Eventually one day she either left our class group or left Ashland School, and I didn’t have to deal with the dark girl that I thought was dirty, and that I didn’t want to be around. But eventually, by high school, I had met other girls who were that dark…and that I had crushes on, so that prejudice didn’t stay with me forever.

But my point is, and it’s a very important one, that you don’t have to be carefully taught to fear or hate someone that’s different. It’s a very natural thing. Children are the perfect little xenophobes. Think about it…where did the first hatred of someone different come from?

Someone who obviously hadn’t been taught that way, but who saw someone different for the first time, and said to him or herself, “Not like us. Must be bad.”

I think that had I mentioned to my parents that there was a girl in my class who was almost black, and who I didn’t want to sit near because she was dirty, they would’ve wondered what they had done wrong. They would’ve worked to set me straight.

In short, they would’ve worked to carefully teach me not to think that way.

Sometimes you have to be carefully taught not to hate or fear.

Would I have been so fearful of and repulsed by Marissa had I been exposed to other really dark people earlier in my life? Probably not. She would’ve just been one of many different shades of people I had grown up around. But I had gone for five years without seeing anyone that looked like her, and to me she might as well have had three heads…and I probably would've been put off by a girl with three heads too.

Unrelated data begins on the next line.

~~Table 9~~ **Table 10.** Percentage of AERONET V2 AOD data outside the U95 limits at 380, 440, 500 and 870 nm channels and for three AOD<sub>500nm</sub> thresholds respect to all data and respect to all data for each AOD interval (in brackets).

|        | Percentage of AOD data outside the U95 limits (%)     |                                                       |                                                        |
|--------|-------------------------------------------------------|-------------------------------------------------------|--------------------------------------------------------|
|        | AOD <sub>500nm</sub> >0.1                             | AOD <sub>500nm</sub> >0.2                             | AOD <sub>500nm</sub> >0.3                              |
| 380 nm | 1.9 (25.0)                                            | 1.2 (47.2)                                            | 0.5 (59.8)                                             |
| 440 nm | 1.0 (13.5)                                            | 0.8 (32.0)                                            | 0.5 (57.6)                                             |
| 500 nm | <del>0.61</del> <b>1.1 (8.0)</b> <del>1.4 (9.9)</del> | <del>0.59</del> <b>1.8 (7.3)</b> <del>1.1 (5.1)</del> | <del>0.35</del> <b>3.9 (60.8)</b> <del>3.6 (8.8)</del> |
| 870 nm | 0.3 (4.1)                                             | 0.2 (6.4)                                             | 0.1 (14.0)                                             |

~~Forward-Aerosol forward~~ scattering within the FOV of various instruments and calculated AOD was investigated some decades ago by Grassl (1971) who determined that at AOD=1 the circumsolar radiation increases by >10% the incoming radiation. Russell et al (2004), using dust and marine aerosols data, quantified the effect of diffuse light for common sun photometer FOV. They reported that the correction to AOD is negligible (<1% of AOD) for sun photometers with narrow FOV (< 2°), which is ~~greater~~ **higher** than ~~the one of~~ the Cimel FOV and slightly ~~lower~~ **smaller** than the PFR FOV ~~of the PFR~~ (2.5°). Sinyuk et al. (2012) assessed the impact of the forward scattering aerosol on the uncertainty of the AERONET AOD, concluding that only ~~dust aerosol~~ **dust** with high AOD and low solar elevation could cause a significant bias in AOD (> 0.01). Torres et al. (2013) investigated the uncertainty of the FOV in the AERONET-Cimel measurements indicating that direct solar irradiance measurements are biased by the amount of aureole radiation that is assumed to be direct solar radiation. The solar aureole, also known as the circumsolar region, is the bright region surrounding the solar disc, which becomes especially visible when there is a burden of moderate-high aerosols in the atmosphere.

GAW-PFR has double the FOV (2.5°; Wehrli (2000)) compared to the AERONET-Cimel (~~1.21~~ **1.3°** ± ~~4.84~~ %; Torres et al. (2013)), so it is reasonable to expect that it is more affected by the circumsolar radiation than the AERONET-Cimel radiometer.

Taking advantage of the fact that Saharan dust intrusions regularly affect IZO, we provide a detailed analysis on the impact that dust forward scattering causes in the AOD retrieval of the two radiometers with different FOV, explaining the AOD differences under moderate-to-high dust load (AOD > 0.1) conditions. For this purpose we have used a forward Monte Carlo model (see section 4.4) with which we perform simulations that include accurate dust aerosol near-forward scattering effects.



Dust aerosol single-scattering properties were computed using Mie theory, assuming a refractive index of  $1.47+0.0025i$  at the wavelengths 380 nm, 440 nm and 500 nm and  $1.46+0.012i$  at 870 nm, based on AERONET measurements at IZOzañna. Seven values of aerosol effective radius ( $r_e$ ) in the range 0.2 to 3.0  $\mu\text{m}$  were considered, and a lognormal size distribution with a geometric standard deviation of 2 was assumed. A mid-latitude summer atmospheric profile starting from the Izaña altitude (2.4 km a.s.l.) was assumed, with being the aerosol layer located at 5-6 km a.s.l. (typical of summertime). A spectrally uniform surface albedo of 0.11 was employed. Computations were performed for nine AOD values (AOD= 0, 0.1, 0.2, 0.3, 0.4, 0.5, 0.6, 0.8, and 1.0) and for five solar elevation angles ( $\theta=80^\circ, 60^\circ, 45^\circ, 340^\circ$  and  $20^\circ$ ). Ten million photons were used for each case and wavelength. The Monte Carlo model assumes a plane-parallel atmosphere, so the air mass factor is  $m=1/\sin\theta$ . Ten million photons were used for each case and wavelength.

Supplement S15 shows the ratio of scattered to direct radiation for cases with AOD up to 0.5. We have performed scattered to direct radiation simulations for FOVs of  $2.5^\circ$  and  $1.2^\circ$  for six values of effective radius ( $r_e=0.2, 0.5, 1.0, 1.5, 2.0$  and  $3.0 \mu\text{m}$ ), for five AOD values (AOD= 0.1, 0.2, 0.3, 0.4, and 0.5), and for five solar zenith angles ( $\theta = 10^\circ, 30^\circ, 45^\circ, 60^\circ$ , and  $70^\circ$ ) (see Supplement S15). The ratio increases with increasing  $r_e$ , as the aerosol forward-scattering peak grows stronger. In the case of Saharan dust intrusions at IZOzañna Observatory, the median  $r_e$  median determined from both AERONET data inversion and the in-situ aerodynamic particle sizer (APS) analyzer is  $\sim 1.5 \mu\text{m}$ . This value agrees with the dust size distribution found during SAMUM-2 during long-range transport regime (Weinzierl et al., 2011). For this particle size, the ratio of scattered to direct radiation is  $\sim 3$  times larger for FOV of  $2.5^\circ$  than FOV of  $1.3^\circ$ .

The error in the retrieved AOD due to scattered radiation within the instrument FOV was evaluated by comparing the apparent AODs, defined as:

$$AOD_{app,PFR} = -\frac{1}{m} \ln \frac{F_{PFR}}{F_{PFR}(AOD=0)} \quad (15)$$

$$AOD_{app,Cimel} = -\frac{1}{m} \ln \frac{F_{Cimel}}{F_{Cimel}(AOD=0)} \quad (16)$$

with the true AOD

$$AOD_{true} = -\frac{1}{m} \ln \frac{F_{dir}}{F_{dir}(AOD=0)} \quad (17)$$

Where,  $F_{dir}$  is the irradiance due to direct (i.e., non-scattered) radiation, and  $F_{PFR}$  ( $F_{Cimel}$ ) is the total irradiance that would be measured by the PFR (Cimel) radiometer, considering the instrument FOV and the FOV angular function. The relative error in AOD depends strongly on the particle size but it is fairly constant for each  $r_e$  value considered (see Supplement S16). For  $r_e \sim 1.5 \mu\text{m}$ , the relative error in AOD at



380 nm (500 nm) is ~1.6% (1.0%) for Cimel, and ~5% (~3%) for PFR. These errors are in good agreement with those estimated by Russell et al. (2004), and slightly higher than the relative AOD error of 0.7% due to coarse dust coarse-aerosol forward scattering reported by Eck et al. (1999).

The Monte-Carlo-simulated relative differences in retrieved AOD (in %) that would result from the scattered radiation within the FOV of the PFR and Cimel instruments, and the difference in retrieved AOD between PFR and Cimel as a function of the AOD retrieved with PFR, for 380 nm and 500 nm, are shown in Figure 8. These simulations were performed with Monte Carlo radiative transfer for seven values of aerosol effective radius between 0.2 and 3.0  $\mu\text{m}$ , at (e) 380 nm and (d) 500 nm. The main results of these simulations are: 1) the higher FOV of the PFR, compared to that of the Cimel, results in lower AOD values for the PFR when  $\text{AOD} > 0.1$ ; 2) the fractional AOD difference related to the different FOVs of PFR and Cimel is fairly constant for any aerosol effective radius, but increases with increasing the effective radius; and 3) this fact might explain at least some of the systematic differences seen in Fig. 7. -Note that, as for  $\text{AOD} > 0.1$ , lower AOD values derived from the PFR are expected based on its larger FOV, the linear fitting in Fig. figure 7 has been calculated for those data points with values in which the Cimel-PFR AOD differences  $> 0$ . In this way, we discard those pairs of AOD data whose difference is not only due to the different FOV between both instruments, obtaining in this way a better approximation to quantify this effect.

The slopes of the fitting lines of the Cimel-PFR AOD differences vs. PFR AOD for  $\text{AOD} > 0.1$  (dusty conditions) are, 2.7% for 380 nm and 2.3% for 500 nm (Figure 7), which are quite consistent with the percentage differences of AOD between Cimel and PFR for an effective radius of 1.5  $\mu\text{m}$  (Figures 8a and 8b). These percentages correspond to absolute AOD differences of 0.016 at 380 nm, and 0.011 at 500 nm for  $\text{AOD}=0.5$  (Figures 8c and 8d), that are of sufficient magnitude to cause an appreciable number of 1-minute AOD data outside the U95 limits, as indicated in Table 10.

You don’t always have to be carefully taught to hate. All you need is to never have been exposed on a regular basis to “the other.” And even if you grow up in the most diverse of environments, you’ll still find some way to make some other group…even an identical-looking group…the “other.” Just being from a different side of town is enough to make them “not your people.” It’s human nature.

Yes, it’s a very charming sentiment to think that you have to be carefully taught to hate. And yes, it often does take a little concerted effort to fan the flames of discomfort into a full-blown hate. However, let’s take a more realistic view of what children are like, and how they deal with something that they’ve never seen before.

Yes, you do have to be carefully taught…